(TNS) — Laws are in place to be followed and agencies are in place to enforce laws. But when two laws on the books appear to be at odds, which one should be followed? And what about enforcement?

At this point, it’s just hypothetical, but if someone decides to fly a drone over a county park without first obtaining a permit, it could become a practical problem given that county law requires a permit and insurance to do so, but state law says the county can’t enact such a requirement.

We recently published a story about an aspiring local drone pilot who was surprised to learn that in order to practice flying his drone at a county park, such as Sandymount Park, he would need to obtain a permit and purchase a “$1 million” insurance policy. That sort of county regulation seems somewhat understandable. However, Maryland law, which refers to drones as “unmanned aircraft systems,” calls into serious question its legitimacy.

The Maryland Code of Economic Development §14–301 states in subsection (b): “Only the State may enact a law or take any other action to prohibit, restrict, or regulate the testing or operation of unmanned aircraft systems in the State.” Subsection (c) "preempts the authority of a county or municipality to prohibit, restrict, or regulate the testing or operation of unmanned aircraft systems; and supersedes any existing law or ordinance of a county or municipality that prohibits, restricts, or regulates the testing or operation of unmanned aircraft systems.”

So, which one should be followed?

The county expects the county’s regulations to be followed. The state? We don’t know. The Maryland Office of the Attorney General declined to comment.

Carroll County Recreation and Parks Director Jeff Degitz said the state law was considered, but deemed to be a bit unclear. So they decided to consider drones as just another type of legitimate use of county parks, and as with other legitimate uses, he believes his department can set rules on safety.

“We would regulate the use of our athletic fields or our parks for special events and do that through permitting,” Degitz said. “The goal is to do the same things for drones.” Degitz also told us they aren’t looking to "stick it to people who invest money in a drone” and that the prohibition is in place to focus on safety and making sure there are no unintended consequences from drone use. (In fact, drone use is not permitted in five county parks nearest Carroll County Regional Airport.)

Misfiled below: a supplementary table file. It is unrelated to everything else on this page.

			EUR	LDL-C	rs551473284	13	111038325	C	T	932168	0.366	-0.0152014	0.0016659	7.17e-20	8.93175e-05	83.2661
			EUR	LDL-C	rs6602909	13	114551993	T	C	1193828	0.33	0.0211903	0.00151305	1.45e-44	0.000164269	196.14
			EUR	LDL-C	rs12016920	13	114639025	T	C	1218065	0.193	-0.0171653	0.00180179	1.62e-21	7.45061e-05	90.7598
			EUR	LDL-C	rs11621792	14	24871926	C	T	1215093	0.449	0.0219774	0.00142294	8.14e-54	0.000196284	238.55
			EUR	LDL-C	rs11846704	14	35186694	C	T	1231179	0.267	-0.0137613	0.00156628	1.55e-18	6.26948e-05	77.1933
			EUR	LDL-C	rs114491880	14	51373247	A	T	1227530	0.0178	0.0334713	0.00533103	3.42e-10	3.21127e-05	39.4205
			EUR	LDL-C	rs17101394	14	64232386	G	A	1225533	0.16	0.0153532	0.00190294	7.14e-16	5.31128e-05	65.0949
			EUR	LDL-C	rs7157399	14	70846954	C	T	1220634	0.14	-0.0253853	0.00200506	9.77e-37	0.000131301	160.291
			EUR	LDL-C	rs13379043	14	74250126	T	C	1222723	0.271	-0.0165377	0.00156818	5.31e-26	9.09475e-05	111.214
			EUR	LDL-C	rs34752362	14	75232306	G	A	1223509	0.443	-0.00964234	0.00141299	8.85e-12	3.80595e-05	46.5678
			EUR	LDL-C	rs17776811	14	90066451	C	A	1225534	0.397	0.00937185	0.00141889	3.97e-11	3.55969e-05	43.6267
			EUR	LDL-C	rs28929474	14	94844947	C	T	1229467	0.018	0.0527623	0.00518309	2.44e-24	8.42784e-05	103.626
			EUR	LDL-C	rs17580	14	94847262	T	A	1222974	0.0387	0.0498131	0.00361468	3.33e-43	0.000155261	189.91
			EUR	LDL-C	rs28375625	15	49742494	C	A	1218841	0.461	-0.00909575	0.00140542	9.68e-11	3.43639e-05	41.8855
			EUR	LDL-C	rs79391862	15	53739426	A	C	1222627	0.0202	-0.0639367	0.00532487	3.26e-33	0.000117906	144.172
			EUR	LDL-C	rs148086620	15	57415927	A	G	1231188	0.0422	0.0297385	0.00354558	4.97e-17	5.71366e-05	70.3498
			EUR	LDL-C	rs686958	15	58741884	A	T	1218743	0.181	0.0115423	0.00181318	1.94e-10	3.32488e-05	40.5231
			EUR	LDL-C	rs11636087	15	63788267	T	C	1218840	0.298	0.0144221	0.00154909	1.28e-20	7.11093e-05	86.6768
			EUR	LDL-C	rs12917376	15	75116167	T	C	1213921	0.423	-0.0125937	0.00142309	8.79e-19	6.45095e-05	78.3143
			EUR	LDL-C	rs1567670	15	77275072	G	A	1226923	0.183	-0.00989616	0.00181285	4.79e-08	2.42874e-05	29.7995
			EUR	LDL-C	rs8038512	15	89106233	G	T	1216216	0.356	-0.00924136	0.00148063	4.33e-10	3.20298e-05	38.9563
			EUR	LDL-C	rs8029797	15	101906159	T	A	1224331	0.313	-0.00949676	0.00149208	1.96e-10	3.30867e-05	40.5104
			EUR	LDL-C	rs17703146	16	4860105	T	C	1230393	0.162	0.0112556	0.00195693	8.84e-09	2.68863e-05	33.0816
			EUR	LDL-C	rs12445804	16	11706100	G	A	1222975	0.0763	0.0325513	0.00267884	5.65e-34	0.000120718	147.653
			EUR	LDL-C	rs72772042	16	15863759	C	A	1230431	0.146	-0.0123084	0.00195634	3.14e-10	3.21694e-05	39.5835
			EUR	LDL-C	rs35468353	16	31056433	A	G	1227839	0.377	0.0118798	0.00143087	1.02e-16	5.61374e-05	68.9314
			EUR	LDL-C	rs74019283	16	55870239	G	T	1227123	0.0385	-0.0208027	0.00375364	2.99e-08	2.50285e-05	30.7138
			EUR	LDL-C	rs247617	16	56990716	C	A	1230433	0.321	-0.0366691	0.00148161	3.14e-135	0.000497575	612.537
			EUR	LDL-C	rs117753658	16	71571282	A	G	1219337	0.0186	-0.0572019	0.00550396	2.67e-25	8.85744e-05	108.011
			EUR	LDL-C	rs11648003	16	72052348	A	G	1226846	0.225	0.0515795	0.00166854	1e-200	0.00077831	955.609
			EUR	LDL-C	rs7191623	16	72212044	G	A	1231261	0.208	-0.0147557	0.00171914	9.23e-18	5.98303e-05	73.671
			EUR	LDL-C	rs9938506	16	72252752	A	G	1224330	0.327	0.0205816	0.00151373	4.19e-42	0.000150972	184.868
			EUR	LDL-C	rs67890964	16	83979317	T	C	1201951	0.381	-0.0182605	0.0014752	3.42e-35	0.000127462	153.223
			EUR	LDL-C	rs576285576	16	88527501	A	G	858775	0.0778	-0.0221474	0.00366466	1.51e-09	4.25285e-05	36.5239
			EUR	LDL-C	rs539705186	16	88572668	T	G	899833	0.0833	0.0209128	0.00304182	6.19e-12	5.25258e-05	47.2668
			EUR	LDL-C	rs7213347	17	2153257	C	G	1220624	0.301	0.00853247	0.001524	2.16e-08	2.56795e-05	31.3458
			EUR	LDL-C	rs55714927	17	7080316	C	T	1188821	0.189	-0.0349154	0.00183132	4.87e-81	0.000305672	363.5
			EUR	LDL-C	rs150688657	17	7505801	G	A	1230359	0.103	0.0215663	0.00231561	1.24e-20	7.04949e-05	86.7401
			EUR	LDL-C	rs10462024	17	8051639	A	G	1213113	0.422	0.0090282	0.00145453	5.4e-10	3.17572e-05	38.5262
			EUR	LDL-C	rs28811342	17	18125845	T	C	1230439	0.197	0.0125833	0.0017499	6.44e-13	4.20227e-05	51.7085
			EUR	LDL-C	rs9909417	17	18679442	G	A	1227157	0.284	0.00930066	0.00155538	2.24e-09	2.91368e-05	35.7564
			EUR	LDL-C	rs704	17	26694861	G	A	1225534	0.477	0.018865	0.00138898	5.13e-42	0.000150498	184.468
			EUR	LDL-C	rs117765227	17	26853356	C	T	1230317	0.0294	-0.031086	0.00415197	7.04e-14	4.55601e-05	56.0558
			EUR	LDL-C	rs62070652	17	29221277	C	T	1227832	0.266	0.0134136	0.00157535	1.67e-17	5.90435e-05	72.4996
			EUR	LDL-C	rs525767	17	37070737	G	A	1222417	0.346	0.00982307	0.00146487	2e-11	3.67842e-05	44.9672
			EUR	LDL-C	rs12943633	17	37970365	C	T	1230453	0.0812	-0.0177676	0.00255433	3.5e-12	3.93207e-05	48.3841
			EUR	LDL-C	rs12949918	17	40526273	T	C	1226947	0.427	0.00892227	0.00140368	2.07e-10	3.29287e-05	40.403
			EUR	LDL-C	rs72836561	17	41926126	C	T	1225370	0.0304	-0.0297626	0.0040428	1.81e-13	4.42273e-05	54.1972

All of that makes sense, but, again, the state law “preempts the authority of a county or municipality to prohibit, restrict, or regulate the testing or operation of unmanned aircraft systems; and supersedes any existing law or ordinance of a county ...”

Tom McMahon, senior vice president of advocacy of government relations for the Association for Unmanned Vehicle Systems, told us “local rules to regulate the airspace, such as those in Carroll County regarding drone operations, risk creating a complicated patchwork of laws that may erode, rather than enhance, safety.” He also noted that federal regulations already prohibit many of the activities Carroll County seeks to prevent.

Carroll isn’t the only county seemingly defying the state decree. Frederick and Montgomery counties also have regulations requiring permitting and Saint Mary’s County bans drones in its parks. But would any of these local regulations, such as Carroll’s, withstand a legal challenge?

Professor Michael Greenberger, the director of the University of Maryland Law School’s Center for Health and Homeland Security, told us that “technically speaking, whatever Carroll County is doing is inconsistent on a macro basis with the Maryland statute” and that if someone did challenge it, that person would have "a pretty strong argument that the Carroll County statute is violative of the terms of the state statute.”

The state law should either be followed by the counties or scrapped — preferably before someone violates a local law and files a lawsuit that could’ve been avoided.

©2020 the Carroll County Times (Westminster, Md.). Distributed by Tribune Content Agency, LLC.